Follow by Email

Monday, January 3, 2011

Identifying quotations and making readers aware of them

As many readers know (for newcomers, see here), I am deeply interested in the topic of the re-usal of previous textual materials by Indian authors and hope to be able to collect essays dealing with case studies of this usage in various śāstras. A further output of the project should be the elaboration of a common way to mark re-used textual materials. Until now, such materials are often marked in different ways according to the scholars identifying them (e.g. with "cf." or "=" or just the indication of the source). Ernst Steinkellner (Methodological Remarks on the Constitution of Sanskrit Texts from the Buddhist Pramāṇa-Tradition, WZKS 1988) elaborated a proposal for their classification (using symbols such as Ce, Cee, Re), but his method did not gain general acceptance and it has been criticised by many scholars because of its evaluative character. In fact, saying that a certain author, e.g., Kumārila, has "cited" a passage "out of" a certain work, e.g., Dignāga's Pramāṇasamuccaya (Ce) implies that Kumārila was aware of what he was doing. However, it is often the case that an author cites by hearsay, or that both the attestations of the passage drive from a third, unknown source. Last, chronology is far from being settled in Indian philosophy and it is likely the case that we will find out that, e.g., it is not Dharmakīrti who quoted from Bhāvya but rather the opposite. And everything gets even more complicated while dealing with anonymous texts, apographs or religious texts. These latter texts, in fact, extensively re-use previous ones but are often themselves the result of several generations of "authors". More generally, the judgement about who quoted whom is in fact in many cases less smooth than at first sight expected.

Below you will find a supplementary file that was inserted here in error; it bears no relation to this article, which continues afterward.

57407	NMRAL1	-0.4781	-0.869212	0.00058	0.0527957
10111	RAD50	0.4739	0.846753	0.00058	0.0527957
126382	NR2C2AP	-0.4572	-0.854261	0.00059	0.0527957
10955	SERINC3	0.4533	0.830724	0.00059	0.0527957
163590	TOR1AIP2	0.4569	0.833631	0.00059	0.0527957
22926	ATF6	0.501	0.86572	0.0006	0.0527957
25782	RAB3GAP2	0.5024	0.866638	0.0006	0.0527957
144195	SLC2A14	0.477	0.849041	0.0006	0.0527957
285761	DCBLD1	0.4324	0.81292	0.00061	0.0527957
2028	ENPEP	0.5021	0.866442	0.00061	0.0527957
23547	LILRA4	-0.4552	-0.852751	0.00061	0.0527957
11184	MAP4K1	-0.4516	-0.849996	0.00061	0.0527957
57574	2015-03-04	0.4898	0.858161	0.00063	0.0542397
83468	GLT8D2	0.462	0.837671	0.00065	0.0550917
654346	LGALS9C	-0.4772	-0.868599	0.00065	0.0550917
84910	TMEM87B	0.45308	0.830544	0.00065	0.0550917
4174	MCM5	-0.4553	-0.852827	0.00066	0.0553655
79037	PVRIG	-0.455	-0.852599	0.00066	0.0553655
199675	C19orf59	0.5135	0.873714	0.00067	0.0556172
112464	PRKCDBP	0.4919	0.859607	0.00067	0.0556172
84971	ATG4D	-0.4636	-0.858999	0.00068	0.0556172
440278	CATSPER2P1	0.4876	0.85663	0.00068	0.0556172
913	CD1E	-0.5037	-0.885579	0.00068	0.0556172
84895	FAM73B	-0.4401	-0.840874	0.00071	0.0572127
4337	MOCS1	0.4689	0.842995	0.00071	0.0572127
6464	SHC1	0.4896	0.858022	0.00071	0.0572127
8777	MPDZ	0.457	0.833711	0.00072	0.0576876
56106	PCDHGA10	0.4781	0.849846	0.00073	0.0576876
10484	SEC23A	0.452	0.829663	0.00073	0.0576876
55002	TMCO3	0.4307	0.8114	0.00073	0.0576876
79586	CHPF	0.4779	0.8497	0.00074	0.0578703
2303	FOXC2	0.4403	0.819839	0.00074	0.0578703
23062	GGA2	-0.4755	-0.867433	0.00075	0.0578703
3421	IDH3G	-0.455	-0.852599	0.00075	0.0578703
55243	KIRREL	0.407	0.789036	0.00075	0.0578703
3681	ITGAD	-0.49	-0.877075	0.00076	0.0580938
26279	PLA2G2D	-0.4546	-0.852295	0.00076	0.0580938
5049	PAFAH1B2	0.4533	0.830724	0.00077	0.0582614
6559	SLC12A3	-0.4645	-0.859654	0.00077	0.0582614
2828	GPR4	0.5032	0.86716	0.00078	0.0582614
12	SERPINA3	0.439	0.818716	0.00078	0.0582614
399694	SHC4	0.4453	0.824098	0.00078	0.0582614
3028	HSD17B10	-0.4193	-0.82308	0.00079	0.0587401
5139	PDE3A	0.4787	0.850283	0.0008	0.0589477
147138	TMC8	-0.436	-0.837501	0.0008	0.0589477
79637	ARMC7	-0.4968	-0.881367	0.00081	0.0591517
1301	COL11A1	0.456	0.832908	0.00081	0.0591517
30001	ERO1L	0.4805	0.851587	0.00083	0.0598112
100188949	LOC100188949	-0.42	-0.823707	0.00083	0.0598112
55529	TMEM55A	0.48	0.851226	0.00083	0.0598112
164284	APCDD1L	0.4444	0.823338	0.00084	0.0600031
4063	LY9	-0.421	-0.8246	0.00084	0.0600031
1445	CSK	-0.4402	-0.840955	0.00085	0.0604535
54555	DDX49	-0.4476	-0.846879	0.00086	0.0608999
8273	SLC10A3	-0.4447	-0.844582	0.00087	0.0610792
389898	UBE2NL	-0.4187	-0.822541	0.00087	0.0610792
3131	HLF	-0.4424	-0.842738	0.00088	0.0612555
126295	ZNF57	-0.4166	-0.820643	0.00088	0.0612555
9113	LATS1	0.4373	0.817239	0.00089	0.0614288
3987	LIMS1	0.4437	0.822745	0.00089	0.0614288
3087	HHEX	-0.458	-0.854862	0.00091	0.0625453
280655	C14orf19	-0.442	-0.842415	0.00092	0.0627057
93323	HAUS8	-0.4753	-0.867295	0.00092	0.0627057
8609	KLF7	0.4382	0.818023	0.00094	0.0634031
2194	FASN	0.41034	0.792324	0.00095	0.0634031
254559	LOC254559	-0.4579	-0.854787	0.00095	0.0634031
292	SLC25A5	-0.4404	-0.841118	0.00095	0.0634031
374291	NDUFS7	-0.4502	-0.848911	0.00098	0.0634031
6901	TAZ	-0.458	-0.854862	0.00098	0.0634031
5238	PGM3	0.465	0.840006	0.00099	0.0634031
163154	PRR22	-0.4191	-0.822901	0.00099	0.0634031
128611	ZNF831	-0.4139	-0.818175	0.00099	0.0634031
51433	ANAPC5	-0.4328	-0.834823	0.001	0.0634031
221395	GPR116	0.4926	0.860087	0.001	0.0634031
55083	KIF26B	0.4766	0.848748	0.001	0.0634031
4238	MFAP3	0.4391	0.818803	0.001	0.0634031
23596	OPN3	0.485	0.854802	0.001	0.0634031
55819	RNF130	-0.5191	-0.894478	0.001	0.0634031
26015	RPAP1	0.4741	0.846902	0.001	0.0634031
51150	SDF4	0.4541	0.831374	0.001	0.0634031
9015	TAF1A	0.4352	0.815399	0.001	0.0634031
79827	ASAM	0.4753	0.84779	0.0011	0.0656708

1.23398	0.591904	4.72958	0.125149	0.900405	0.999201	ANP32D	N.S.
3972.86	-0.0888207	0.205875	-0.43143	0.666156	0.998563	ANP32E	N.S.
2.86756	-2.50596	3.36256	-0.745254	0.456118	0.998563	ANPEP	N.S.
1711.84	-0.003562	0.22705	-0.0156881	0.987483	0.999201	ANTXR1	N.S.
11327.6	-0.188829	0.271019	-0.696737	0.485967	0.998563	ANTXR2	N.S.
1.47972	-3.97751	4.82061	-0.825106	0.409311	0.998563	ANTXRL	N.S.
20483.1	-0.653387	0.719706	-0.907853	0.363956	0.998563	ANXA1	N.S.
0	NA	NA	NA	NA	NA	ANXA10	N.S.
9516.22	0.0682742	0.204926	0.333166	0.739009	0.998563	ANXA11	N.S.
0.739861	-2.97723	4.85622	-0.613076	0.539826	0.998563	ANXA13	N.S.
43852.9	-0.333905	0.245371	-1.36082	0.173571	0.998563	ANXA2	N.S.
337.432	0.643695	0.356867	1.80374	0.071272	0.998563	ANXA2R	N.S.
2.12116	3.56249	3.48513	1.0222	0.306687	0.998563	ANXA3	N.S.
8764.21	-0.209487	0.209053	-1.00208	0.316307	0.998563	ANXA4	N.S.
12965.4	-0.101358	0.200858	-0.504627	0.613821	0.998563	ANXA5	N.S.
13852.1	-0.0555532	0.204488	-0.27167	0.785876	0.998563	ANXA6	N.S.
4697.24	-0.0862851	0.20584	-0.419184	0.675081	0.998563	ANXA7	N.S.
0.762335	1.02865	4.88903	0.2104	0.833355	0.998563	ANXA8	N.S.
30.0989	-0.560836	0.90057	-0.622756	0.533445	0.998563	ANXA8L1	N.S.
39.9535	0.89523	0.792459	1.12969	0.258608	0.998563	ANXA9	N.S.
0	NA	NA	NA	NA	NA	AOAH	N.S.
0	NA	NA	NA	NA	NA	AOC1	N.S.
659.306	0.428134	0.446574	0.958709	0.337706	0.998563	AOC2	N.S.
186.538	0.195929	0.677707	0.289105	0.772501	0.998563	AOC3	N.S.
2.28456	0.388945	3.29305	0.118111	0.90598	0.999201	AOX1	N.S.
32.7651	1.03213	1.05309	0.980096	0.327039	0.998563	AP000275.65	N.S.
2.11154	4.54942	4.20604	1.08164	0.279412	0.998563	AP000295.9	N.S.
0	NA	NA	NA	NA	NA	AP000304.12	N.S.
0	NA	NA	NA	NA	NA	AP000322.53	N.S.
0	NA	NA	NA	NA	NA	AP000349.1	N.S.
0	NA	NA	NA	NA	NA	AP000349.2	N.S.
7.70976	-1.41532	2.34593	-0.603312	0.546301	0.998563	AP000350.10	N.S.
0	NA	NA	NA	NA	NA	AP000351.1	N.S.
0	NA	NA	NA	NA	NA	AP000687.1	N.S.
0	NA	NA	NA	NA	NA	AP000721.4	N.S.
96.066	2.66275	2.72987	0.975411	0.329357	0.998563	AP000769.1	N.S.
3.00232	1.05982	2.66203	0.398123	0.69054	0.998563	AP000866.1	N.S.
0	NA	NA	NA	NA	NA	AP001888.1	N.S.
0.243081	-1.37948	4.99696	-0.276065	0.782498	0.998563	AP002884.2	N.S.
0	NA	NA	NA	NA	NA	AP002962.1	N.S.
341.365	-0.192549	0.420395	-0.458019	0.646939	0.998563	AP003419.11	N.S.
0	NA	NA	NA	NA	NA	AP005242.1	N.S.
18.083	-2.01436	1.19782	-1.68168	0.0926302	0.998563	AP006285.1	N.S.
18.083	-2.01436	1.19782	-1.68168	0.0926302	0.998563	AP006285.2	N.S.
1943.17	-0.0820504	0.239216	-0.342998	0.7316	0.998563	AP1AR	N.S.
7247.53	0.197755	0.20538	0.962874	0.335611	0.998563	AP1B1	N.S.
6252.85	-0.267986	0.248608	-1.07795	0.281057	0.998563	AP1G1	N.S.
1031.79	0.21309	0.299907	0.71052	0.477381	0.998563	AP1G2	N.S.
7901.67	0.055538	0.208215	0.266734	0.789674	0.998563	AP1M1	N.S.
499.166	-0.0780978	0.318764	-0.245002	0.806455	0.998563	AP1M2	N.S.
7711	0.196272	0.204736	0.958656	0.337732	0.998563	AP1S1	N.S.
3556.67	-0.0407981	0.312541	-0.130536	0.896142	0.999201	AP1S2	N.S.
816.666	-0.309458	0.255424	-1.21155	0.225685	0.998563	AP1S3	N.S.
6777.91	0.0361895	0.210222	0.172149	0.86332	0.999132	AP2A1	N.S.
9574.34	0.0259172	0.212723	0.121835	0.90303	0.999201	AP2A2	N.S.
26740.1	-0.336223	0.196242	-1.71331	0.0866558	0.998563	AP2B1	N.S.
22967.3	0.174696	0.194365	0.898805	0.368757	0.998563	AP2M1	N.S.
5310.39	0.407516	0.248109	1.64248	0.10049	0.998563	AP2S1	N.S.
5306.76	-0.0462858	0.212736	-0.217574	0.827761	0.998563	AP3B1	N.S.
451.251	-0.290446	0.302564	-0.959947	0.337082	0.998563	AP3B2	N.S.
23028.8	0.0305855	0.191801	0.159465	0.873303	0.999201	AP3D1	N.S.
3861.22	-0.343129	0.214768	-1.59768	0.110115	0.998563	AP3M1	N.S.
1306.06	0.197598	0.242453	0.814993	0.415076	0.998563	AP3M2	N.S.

No comments:

Licenza Creative Commons
Quest' opera è distribuita con licenza Creative Commons Attribuzione - Non commerciale - Non opere derivate 2.5 Italia.